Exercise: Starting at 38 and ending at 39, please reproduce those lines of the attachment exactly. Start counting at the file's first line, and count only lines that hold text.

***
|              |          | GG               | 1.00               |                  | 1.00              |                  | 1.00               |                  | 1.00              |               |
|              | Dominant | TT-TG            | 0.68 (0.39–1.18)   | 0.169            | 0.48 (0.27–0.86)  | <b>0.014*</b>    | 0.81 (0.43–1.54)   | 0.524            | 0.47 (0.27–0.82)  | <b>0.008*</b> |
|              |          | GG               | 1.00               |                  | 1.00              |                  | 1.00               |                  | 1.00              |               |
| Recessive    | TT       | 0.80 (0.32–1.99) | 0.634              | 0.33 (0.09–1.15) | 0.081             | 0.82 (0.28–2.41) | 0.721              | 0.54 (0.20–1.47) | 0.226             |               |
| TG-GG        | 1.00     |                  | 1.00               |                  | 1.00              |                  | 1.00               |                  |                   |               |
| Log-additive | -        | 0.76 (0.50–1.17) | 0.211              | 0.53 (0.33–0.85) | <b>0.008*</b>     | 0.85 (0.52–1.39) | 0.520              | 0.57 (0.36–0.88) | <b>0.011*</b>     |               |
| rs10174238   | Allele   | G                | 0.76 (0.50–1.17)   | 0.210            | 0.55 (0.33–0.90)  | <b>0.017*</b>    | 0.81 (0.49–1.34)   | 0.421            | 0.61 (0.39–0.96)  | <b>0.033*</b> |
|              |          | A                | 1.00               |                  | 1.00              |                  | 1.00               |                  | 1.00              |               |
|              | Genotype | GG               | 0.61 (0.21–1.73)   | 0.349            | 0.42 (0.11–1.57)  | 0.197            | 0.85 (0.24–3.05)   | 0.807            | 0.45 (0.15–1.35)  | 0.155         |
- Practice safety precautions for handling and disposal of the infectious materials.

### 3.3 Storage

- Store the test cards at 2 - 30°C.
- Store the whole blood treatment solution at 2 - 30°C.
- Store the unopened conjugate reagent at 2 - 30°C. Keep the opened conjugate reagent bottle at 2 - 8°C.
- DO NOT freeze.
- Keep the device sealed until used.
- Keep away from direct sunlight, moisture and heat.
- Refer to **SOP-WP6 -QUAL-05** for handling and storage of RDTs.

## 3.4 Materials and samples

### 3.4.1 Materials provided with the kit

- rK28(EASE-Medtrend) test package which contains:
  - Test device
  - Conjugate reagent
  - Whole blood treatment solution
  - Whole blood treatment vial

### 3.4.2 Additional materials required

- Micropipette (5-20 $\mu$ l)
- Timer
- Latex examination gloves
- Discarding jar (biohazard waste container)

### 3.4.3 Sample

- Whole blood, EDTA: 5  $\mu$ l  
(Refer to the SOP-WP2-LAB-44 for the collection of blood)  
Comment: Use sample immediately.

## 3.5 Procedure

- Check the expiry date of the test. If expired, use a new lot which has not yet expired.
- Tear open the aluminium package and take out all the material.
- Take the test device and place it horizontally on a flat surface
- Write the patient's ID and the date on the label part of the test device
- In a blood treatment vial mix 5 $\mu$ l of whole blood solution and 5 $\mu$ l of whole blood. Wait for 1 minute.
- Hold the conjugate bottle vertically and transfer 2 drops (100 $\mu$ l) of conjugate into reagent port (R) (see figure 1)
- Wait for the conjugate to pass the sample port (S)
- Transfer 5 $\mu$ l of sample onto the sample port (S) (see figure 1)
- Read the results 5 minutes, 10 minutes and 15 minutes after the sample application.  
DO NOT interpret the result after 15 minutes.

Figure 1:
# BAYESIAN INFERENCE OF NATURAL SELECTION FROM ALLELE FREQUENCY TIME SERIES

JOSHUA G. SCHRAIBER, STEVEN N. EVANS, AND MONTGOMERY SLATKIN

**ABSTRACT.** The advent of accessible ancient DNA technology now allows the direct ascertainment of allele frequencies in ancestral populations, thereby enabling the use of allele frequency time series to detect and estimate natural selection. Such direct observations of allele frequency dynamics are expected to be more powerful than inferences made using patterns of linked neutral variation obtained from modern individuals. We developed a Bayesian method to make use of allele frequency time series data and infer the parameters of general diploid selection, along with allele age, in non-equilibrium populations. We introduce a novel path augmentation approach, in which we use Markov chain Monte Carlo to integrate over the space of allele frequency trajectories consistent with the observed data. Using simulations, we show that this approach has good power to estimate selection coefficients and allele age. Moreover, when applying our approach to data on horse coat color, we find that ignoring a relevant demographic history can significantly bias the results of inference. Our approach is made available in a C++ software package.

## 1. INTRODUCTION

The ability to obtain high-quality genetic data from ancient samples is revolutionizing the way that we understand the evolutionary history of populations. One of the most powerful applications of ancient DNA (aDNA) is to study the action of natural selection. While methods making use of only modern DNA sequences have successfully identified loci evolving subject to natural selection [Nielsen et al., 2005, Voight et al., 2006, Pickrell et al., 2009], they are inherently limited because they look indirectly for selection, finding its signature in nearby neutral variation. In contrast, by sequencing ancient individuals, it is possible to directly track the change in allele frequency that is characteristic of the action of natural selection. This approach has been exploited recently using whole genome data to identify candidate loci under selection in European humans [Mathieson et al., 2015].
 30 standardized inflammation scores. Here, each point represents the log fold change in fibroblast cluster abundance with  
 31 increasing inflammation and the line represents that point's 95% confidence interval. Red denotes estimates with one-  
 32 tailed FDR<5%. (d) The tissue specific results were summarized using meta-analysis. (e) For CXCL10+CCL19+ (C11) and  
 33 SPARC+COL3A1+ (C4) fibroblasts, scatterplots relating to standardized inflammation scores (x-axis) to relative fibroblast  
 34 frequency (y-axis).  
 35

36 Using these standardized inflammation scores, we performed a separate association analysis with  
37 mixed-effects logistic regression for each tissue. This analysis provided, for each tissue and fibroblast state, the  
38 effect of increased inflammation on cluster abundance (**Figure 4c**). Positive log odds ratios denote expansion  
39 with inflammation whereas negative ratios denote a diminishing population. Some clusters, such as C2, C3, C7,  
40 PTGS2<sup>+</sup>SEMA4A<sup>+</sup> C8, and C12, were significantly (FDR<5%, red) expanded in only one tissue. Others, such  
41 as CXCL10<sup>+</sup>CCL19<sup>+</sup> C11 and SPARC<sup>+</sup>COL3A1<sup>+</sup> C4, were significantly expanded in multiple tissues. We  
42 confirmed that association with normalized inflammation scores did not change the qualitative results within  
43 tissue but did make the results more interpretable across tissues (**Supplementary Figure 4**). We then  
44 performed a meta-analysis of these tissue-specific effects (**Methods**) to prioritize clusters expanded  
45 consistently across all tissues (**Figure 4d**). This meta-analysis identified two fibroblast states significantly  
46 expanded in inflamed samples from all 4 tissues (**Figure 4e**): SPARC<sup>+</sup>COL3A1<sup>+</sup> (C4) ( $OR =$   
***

- Take the test device and place it horizontally on a flat surface
- Write the patient's ID and the date on the label part of the test device